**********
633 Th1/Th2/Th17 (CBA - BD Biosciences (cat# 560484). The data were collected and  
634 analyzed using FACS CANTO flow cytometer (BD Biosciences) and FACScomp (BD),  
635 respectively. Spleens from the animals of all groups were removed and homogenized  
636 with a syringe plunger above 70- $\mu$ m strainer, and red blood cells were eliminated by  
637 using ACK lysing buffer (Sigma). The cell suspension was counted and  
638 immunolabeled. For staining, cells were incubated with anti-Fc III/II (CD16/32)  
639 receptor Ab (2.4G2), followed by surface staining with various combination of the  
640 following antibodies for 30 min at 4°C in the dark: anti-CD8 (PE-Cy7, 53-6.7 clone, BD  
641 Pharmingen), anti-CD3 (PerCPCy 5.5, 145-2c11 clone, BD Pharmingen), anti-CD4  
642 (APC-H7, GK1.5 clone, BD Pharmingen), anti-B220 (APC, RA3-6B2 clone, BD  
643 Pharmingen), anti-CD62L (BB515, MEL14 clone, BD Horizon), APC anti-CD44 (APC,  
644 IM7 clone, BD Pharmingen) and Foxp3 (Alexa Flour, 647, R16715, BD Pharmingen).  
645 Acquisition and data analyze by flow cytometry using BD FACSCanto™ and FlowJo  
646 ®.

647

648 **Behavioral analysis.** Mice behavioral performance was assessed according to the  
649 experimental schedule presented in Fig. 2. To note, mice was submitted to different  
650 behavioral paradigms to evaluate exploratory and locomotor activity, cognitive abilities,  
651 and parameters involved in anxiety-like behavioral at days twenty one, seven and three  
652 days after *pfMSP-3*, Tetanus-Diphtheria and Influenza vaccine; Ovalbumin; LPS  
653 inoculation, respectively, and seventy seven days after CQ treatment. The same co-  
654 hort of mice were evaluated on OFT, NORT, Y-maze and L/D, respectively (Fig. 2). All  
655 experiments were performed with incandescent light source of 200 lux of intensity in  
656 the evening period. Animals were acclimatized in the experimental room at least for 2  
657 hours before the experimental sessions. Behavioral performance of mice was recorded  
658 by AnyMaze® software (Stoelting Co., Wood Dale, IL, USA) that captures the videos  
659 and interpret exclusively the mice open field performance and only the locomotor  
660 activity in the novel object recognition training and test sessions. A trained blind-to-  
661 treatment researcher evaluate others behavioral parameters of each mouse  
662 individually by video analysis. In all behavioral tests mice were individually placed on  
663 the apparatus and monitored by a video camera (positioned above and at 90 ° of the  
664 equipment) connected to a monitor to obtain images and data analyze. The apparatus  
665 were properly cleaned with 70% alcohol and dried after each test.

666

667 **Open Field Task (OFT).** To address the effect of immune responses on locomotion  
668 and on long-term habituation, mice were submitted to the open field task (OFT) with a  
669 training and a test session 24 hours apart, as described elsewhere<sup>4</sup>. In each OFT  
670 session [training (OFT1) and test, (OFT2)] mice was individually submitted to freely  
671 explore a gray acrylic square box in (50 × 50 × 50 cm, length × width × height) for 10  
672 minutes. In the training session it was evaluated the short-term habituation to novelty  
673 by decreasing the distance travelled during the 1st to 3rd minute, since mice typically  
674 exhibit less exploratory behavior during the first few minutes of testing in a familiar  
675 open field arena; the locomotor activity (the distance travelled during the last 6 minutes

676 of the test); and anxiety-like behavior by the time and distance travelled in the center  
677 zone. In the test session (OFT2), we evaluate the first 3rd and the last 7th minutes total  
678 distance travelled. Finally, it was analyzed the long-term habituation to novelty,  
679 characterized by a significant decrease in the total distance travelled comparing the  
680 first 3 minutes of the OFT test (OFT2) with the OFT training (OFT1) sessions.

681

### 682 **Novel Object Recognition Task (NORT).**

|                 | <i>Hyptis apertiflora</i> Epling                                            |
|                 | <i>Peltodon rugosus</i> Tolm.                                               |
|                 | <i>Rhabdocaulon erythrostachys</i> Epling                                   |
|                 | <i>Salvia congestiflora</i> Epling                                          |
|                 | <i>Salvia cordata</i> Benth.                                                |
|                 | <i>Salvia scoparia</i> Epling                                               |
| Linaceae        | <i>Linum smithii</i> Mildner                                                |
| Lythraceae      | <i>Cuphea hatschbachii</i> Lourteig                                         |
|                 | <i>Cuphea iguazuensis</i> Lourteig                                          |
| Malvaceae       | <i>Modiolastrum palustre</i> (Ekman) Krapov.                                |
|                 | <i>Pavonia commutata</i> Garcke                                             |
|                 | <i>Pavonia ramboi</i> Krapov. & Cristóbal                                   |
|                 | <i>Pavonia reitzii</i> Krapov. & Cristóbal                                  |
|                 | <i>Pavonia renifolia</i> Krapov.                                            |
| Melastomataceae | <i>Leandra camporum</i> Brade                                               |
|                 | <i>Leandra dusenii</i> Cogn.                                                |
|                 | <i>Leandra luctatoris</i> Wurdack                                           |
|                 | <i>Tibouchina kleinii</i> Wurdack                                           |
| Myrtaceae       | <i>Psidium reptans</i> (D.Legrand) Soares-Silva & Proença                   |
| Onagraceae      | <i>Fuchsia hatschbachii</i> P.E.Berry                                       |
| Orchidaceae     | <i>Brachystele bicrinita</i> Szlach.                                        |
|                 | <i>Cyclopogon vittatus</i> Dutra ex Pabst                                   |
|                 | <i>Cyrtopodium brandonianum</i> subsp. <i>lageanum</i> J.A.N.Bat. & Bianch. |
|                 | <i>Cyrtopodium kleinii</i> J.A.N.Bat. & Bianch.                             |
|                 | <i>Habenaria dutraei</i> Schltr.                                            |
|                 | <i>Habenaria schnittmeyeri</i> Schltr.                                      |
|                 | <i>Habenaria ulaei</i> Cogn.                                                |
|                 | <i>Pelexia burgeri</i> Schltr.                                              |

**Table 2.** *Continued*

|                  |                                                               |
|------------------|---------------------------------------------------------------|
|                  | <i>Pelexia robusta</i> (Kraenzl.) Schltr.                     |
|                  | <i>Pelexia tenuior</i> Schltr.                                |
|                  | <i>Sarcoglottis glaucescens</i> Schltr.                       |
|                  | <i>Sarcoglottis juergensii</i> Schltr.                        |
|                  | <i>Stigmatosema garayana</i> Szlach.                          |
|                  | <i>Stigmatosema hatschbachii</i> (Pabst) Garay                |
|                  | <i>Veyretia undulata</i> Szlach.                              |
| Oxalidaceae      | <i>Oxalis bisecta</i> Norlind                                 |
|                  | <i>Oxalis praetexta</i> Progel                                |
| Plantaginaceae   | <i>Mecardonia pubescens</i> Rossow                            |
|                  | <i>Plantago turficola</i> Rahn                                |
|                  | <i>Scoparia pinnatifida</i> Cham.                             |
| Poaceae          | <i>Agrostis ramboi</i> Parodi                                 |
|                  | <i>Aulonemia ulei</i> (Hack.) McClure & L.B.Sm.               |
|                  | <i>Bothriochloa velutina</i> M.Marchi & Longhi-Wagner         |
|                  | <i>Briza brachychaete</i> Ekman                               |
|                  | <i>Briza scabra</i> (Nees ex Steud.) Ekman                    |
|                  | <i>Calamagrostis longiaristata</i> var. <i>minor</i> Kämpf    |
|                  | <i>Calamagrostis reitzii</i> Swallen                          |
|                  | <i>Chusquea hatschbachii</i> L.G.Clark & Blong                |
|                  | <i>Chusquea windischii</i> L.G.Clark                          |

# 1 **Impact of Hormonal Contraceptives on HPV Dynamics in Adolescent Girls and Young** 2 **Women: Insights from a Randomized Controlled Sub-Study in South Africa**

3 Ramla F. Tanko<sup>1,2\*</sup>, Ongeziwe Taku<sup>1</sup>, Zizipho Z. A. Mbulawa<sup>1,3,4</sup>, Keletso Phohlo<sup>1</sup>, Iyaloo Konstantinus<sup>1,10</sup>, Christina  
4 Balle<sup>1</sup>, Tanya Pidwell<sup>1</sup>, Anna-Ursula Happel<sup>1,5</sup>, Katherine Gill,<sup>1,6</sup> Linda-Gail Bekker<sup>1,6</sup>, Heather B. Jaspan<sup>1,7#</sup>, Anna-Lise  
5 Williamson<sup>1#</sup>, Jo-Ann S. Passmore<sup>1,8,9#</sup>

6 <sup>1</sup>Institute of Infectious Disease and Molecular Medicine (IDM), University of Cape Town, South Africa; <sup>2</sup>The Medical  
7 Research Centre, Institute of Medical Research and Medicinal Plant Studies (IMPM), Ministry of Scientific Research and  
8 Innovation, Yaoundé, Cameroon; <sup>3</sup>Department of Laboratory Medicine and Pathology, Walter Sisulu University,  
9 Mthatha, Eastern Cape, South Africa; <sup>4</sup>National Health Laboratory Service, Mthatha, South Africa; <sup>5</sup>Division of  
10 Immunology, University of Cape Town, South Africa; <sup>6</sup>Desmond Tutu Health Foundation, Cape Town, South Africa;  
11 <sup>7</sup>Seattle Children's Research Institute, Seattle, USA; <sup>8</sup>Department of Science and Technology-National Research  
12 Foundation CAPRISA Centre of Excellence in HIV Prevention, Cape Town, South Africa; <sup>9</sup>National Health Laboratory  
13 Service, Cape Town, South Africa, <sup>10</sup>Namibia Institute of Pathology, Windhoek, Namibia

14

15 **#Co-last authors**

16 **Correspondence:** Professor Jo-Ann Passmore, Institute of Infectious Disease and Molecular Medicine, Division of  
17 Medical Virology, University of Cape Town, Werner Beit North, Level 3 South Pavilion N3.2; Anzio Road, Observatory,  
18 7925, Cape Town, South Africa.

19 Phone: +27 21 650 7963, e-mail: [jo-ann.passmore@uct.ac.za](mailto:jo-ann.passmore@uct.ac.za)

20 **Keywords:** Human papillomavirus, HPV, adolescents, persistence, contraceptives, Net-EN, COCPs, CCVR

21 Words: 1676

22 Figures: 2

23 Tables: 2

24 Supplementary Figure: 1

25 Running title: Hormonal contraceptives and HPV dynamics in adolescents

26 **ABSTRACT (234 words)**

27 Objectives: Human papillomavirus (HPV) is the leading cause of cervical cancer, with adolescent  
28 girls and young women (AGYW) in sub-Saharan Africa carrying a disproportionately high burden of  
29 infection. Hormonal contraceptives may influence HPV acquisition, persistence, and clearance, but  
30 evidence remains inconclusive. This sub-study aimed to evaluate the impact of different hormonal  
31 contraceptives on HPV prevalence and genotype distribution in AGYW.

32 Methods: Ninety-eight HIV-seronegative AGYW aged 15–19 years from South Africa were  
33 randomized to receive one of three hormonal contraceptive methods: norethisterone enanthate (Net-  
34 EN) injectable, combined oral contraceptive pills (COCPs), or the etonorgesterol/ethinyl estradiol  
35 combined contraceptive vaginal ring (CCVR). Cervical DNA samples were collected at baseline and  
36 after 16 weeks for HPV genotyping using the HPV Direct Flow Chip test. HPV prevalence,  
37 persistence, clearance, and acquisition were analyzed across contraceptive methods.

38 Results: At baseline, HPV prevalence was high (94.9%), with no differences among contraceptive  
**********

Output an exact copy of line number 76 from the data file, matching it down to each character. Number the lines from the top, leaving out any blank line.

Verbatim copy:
|                 | <i>Habenaria schnittmeyeri</i> Schltr.                                      |